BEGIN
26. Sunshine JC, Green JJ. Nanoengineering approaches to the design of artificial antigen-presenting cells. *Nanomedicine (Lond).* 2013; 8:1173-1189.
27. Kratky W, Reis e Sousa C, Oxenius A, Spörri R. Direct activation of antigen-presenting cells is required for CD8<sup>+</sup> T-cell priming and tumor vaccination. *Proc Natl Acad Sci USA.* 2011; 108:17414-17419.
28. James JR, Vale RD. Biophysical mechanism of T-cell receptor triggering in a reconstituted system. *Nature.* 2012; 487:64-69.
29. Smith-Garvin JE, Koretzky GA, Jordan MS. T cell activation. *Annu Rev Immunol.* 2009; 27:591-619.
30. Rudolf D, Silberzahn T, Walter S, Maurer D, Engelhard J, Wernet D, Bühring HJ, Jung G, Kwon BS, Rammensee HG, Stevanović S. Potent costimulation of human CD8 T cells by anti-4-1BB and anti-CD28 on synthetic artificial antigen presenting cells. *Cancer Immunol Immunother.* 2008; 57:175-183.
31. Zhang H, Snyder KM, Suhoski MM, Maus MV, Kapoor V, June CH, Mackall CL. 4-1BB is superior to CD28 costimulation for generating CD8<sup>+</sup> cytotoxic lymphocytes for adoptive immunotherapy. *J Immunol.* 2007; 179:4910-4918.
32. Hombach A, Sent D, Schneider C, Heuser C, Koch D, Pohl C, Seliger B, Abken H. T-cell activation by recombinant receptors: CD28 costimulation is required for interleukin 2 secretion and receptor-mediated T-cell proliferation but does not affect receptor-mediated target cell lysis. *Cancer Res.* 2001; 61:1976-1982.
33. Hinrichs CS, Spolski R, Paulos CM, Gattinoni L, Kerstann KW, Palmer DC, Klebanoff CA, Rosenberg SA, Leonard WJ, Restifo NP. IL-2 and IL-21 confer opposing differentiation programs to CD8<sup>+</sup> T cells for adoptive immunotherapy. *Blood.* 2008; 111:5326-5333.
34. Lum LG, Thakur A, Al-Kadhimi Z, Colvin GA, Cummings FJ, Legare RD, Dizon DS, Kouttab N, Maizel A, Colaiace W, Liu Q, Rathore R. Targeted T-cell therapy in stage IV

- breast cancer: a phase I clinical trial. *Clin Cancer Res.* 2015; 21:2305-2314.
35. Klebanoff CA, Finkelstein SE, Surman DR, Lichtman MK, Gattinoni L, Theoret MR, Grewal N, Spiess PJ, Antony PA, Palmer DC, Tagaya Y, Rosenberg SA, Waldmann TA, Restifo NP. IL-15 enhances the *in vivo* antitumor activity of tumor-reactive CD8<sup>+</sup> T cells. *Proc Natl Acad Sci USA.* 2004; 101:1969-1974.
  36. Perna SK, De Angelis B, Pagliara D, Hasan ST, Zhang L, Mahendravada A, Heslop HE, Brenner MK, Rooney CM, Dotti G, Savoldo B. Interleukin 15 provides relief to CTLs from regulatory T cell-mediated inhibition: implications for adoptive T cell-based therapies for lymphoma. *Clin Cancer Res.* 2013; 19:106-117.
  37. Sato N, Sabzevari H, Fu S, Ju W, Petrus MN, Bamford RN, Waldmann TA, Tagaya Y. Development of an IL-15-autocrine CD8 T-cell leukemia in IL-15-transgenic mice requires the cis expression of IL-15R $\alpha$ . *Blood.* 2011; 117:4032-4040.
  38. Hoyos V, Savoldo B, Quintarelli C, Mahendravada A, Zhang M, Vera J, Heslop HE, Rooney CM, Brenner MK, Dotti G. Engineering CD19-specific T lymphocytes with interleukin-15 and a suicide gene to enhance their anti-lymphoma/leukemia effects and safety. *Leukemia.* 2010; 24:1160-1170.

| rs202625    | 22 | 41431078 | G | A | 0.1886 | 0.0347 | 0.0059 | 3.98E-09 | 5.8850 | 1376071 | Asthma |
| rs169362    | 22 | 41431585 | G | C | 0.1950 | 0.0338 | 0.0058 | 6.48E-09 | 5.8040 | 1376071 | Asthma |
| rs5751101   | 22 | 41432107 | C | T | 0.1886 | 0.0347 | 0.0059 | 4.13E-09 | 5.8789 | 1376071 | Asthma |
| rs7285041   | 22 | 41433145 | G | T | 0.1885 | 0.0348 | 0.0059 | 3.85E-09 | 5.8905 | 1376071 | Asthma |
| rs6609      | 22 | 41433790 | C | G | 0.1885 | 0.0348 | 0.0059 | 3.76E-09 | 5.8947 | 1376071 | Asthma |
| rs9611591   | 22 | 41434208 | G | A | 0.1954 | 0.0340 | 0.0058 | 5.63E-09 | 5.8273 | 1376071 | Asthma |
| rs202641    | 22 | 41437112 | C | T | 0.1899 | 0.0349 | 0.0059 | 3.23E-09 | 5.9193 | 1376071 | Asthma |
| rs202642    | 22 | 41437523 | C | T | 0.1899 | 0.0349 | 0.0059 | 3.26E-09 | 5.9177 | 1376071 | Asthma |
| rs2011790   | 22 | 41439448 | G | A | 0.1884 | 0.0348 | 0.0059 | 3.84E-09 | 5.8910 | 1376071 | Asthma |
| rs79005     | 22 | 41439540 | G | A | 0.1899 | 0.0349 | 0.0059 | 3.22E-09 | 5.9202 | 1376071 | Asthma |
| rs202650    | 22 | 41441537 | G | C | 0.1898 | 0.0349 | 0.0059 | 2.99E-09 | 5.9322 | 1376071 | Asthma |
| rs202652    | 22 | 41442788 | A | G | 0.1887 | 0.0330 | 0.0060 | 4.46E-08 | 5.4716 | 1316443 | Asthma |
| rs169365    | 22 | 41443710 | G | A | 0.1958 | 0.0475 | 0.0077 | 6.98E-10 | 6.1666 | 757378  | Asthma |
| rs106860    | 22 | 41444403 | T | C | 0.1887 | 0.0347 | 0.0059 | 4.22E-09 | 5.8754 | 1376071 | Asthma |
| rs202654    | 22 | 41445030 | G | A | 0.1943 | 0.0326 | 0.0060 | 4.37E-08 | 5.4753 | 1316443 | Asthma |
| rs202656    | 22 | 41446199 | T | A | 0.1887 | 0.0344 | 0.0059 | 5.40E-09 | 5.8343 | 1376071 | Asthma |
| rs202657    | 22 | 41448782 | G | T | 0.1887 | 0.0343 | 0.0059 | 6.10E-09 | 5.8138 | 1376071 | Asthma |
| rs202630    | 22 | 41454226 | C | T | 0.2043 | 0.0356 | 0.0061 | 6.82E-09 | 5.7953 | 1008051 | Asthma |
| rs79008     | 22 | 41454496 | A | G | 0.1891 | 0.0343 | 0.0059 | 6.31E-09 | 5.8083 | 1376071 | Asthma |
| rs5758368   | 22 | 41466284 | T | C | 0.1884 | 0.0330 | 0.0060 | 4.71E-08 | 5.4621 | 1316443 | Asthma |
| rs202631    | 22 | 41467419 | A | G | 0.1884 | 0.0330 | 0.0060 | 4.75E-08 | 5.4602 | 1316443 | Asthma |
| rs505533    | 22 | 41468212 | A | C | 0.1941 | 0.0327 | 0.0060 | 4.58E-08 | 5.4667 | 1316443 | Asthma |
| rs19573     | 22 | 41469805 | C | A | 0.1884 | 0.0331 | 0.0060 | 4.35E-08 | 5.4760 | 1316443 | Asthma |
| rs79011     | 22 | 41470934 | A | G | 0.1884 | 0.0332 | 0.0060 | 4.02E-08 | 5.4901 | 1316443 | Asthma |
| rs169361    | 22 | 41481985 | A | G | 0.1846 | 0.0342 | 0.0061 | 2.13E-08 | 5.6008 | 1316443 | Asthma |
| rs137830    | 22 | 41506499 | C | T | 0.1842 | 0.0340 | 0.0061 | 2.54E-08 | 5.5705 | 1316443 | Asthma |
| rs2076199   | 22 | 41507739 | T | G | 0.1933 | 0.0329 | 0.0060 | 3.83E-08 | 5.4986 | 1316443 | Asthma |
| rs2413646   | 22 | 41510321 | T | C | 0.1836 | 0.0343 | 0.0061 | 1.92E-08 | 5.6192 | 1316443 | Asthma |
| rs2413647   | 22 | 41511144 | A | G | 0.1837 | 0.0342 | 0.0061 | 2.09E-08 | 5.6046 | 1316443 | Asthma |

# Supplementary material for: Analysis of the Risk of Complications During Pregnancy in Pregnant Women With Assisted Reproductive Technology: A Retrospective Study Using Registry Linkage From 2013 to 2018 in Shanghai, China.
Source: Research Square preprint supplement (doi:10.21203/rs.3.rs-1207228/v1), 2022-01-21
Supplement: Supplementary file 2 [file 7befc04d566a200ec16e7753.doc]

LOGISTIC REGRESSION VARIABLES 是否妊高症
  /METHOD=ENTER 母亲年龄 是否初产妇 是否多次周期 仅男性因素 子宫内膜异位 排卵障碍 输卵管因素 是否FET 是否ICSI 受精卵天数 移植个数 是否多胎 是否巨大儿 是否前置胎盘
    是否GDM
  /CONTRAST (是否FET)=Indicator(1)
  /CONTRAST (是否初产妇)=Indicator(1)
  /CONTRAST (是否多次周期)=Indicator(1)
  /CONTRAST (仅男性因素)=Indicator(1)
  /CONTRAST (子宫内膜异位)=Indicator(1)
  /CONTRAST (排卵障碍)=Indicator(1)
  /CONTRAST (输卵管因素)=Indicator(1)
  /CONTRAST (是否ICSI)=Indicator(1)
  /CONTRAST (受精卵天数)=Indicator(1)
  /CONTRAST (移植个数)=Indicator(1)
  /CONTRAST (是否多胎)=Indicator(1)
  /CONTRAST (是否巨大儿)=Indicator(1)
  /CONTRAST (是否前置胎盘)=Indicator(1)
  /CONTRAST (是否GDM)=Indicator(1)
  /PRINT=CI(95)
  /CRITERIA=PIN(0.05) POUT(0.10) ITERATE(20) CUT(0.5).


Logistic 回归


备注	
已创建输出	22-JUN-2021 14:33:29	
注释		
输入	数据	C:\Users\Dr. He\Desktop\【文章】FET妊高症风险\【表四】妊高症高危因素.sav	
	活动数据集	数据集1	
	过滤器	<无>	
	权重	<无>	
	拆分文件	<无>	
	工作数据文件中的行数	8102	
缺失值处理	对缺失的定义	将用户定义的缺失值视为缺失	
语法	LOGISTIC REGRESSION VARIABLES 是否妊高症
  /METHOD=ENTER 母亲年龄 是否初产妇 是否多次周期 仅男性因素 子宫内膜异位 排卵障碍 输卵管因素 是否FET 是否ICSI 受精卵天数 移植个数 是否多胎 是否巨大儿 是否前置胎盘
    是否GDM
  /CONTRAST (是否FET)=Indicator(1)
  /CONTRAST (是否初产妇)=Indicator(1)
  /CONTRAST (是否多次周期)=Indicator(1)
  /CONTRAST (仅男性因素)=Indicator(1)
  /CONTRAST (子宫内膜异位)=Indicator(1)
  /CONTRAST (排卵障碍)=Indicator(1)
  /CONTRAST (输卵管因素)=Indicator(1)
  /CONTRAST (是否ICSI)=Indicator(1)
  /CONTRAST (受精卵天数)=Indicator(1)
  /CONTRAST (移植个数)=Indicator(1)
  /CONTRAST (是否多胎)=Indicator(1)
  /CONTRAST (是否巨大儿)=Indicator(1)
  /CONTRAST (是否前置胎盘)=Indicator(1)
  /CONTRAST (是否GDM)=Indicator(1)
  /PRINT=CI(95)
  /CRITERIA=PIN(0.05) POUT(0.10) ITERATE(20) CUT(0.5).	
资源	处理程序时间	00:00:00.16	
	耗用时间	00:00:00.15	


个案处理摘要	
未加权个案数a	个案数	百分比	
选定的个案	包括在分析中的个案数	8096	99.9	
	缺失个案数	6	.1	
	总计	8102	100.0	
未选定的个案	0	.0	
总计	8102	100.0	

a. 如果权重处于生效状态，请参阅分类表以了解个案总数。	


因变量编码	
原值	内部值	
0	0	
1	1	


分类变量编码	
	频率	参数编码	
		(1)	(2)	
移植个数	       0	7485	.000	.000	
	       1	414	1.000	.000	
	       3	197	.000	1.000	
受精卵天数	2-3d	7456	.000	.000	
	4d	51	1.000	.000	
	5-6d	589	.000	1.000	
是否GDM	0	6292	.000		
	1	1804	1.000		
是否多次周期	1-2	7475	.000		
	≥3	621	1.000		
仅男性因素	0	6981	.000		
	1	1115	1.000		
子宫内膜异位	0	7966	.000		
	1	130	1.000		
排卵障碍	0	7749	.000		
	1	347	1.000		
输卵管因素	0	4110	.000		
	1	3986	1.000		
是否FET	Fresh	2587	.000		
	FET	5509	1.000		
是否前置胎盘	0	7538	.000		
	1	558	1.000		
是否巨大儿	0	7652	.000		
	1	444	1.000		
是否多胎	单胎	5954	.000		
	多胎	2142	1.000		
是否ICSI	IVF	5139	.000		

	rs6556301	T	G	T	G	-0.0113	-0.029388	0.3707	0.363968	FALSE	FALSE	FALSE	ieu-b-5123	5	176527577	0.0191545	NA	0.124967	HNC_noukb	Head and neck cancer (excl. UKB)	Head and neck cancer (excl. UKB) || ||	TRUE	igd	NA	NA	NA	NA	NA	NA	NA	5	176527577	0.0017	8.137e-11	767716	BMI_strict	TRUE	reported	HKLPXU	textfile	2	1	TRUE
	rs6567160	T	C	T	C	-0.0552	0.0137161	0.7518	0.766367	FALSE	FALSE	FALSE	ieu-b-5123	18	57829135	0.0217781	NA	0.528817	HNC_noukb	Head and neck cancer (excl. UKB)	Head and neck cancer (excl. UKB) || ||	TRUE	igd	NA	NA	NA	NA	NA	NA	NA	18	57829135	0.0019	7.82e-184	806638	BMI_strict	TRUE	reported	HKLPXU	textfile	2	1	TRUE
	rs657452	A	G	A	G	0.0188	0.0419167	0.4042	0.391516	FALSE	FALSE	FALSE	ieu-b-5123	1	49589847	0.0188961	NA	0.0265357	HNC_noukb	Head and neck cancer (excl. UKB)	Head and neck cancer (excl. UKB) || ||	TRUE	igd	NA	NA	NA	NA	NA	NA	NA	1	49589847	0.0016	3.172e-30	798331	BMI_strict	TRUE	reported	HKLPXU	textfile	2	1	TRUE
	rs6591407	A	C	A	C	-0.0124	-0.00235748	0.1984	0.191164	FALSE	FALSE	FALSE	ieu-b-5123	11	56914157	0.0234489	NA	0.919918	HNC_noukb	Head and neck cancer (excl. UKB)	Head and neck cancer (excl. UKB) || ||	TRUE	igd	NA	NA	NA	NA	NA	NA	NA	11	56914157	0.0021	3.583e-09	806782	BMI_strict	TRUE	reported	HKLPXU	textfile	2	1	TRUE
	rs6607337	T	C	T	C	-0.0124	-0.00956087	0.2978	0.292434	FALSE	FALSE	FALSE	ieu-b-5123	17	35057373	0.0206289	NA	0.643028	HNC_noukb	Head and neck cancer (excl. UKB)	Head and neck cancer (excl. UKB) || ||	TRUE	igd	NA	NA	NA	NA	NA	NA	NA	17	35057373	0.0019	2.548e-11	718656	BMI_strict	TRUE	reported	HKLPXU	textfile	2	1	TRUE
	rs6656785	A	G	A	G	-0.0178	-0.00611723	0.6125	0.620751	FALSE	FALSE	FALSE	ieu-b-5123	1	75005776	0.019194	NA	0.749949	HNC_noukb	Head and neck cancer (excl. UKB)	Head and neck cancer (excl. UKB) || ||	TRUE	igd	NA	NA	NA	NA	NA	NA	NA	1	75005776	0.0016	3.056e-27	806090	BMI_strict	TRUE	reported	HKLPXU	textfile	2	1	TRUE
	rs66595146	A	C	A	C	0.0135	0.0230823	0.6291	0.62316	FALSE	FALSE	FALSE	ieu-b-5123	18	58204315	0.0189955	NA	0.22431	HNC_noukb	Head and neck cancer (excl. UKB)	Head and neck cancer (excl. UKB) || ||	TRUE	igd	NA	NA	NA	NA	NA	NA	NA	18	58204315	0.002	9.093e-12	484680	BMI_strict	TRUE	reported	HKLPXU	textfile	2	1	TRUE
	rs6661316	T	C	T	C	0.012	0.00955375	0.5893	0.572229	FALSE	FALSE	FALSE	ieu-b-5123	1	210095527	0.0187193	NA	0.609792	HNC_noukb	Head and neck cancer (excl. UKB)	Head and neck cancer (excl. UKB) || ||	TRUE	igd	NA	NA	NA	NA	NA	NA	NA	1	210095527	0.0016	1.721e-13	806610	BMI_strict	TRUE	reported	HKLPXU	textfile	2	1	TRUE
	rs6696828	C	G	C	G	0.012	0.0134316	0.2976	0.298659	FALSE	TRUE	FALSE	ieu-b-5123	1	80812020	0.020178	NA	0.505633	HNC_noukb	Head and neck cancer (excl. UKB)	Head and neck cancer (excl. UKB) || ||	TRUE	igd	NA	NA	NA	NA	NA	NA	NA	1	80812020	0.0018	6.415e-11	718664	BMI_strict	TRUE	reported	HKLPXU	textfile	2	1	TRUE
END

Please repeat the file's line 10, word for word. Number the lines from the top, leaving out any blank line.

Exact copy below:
- breast cancer: a phase I clinical trial. *Clin Cancer Res.* 2015; 21:2305-2314.